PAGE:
Ron Cook: This Rooney book is a must-read
Tuesday, February 05, 2008
By Ron Cook, Pittsburgh Post-Gazette
Maybe it isn't a tell-everything book, but it comes pretty close. A dead giveaway is the part about President Jimmy Carter pinching Kay Rooney's behind during a Steelers' visit to the White House after one of their Super Bowls.
You think Art Rooney Jr. would make that up about his wife?
It's there on the pages of "Ruanaidh" -- that's Rooney in Gaelic -- which is due out later this month. Countless books have been written about the Steelers, including one just last fall by team owner Dan Rooney, but none is as candid and revealing as this one.
"The book honors my father," Rooney Jr. said. It's true -- the colorful life of Steelers founder Arthur J. Rooney Sr. is examined exhaustively, warts and all -- but there's so much more. Rooney Jr.'s prime credentials as an author are two. One, he is a fabulous storyteller with a great memory and an even better eye for detail. Two -- and this is the biggie -- he as the Steelers' personnel director and Chuck Noll as their coach were responsible for the construction of the Super Steelers dynasty of the 1970s. The result is a fascinating read that opens the door to the inner workings of the franchise.
Both the positive and not-so-positive inner workings, it should be noted.
In Dan Rooney's book, you won't find anything about how he fired Rooney Jr. -- his younger brother by three-plus years -- late in the 1986 season. You'll read plenty about it in "Ruanaidh."
"It was devastating for me and my family," Rooney Jr. said the other day in his South Hills office, where he said he was "exiled" to oversee the Rooney family's real estate interests.
"It was the end of a way of life for us. All of my friends were in football. Suddenly, I was out."
Rooney Jr. was so bitter after the firing that he never returned to the team's offices at Three Rivers Stadium. It made for some tense family gatherings, although Rooney Jr. and his brother managed to remain cordial in the interest of family business.
If nothing else good came from the firing for Rooney Jr., it gave him time to write his book. More than 12 years in the making and edited by legendary former Pittsburgh Press sports editor and columnist Roy McHugh, it can be purchased through artrooneyjr.com. Rooney Jr. published it himself at the cost of $30,000 because he wanted total literary control.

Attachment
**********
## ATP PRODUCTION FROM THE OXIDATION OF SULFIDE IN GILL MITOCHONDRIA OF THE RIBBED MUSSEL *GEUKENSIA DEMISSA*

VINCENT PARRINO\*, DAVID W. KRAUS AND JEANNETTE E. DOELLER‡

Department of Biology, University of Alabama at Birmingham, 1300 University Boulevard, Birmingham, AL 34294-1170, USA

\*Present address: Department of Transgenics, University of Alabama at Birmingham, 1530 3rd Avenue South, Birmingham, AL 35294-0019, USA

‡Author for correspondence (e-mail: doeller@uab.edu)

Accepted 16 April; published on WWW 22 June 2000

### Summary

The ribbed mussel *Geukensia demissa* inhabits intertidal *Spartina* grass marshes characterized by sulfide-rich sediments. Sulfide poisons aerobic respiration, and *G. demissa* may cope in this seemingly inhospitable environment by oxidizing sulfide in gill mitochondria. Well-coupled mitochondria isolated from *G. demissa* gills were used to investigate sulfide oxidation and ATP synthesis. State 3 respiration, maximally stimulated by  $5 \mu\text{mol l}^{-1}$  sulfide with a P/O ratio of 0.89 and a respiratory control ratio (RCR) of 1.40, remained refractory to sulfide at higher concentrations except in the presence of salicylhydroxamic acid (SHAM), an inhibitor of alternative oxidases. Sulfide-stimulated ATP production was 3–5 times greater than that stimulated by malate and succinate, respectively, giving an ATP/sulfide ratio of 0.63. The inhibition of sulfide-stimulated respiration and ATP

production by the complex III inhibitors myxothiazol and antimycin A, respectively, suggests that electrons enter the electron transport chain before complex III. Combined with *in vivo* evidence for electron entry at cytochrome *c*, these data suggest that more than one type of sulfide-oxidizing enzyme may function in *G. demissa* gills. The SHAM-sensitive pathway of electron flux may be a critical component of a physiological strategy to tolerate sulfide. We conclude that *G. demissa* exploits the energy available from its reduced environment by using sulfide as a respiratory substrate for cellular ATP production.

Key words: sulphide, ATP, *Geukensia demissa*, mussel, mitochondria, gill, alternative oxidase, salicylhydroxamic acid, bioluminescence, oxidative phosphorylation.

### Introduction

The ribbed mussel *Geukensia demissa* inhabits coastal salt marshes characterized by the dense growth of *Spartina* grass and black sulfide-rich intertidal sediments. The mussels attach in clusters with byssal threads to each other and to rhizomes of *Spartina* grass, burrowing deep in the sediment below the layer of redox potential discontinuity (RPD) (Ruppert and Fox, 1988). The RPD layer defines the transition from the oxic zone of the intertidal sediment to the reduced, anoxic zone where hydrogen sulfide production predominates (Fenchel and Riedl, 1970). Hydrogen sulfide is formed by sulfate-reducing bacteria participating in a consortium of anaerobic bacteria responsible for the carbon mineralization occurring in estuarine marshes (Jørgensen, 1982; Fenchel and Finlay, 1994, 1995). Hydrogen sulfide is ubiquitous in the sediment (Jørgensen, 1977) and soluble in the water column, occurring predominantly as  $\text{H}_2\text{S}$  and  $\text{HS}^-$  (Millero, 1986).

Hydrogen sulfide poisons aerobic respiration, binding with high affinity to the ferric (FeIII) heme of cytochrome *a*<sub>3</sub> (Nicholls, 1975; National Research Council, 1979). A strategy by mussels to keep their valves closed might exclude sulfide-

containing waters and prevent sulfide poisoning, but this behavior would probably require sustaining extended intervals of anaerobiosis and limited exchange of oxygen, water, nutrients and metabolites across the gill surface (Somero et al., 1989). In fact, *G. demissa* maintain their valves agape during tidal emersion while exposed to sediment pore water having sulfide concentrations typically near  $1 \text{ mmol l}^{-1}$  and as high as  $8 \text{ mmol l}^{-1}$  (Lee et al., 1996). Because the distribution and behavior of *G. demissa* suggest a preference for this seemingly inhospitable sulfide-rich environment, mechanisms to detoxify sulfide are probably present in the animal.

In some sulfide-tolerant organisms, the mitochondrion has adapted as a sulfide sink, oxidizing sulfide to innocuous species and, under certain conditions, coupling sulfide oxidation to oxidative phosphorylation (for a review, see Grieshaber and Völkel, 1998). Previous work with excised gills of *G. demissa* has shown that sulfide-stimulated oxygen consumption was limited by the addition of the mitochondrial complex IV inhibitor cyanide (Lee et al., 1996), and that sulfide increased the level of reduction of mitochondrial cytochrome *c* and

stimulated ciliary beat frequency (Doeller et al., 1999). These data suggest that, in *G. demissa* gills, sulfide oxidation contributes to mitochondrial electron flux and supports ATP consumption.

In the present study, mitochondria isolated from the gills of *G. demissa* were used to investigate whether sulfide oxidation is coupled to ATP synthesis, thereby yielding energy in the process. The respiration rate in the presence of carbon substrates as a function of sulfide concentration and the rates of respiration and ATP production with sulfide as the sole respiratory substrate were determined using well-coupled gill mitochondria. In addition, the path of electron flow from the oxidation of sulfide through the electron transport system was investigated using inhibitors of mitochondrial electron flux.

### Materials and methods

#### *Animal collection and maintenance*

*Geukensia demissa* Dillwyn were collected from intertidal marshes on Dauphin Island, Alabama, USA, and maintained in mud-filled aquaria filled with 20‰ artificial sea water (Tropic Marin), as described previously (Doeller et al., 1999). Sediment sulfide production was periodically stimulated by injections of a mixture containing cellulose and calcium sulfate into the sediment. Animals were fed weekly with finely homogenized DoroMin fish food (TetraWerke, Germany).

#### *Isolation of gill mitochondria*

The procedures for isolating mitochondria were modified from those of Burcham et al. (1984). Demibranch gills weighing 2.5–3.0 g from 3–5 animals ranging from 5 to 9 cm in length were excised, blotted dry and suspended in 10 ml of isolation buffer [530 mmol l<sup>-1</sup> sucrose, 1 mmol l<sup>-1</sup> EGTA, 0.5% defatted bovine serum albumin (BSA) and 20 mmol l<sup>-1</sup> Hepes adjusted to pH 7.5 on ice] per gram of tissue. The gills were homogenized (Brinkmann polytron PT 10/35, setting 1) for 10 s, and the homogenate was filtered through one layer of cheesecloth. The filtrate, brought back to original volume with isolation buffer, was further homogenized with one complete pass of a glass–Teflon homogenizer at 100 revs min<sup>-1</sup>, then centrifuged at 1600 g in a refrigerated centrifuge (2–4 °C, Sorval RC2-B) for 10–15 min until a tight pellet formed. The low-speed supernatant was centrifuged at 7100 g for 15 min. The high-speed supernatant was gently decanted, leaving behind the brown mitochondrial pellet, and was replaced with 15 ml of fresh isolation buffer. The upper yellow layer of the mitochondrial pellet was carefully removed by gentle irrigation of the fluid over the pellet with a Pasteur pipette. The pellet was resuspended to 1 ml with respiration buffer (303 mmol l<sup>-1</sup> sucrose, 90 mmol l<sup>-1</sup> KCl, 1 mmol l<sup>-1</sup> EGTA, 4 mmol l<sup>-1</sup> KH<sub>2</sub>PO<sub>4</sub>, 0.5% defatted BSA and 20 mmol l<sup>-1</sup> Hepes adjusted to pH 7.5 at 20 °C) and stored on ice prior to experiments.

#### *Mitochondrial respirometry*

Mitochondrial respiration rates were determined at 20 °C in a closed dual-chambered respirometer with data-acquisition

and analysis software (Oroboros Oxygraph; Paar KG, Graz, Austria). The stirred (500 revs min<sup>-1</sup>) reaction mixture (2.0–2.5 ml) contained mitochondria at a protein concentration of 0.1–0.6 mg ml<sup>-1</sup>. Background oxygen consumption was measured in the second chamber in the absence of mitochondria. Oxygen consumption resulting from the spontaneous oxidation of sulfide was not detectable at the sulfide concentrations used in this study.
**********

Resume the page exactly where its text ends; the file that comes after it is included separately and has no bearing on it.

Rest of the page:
"I wanted this stuff on the record," he said.
"Roy tells me I'm the same stream-of-consciousness writer that James Joyce is except for two things. He says Joyce was a brilliant writer, and I'm not. And he says Joyce eventually gets to the point, and I don't.
"What an odd pair we make, doing this book."
What they made was magic, a book that, though heavy to hold -- nearly 500 pages -- is hard to put down. Once you jump into Rooney Sr.'s world and the Steelers' world, you won't want to leave.
It helps that Rooney Jr. is such an honest, likable character, a people person very much in the image of his father. He can be humble to the point of self-deprecation. "The only reason I got a job with the Steelers is because my mother insisted that my dad give me one. It was nepotism, pure and simple. My father was against it. He always said," -- and these words would come back to sting Rooney Jr. years later when he was fired -- " 'There's no room for two.' "
But Rooney Jr. isn't so humble that he'll pass up a chance to mention how former Steelers great Franco Harris sent him a note saying, "Thanks for making my career possible." It was Rooney Jr. and his staff who convinced Noll to draft Harris in the first round in 1972 instead of University of Houston running back Robert Newhouse. Four Super Bowls and a Hall of Fame career later ...
"My daughter, Sue, posed the two of us for a picture at the 75th anniversary gala," Rooney Jr. said. "Franco asked for a copy. I'll never forget that."
The fight about Harris was one of many Rooney Jr. had with Noll. Their often stormy relationship provides some of the juiciest reading in "Ruanaidh," the Kay Rooney pinch aside. Through it all, though, the two didn't just manage to co-exist. They produced the greatest draft in NFL history -- the 1974 class, which included Hall of Famers Lynn Swann, Jack Lambert, John Stallworth and Mike Webster -- and what still endures as the league's greatest dynasty, thanks to the New England Patriots' stunning loss Sunday night.
"My job was a passion for me," Rooney Jr. said. "Back then, the Rooneys always were looked at as being dumb and cheap. I guess I was dumb enough to think I could do something about that."
Noll had the final say about the Steelers' drafts, but, as the Harris story proves, he was willing to listen to reason. Rooney Jr. worked like a dog to earn his respect. His three nominations to the Pro Football Hall of Fame would come much later.
"Noll was the guy," Rooney Jr. said. "The scouts and I would meet with him for hours. It was like a private tutorial. He loved to teach and we loved to learn."
What Rooney Jr. and Noll loved to do most was win, which they did better than any personnel man-coach combo in NFL history.
Sadly, though, nothing lasts forever.
Rooney Jr., 72, writes poignantly about the deaths of his mother, Kass, in 1982 and his father in 1988. One passage about his mother's passing might be the most memorable in the book: "All I can say is my dad never meant as much to me as Kass did. I thought of them differently. He was Art Rooney. She was Mom."
You don't have to see Rooney Jr.'s office -- which is nothing less than a shrine to his father -- to appreciate the powerful meaning of that statement.
You just have to read the book.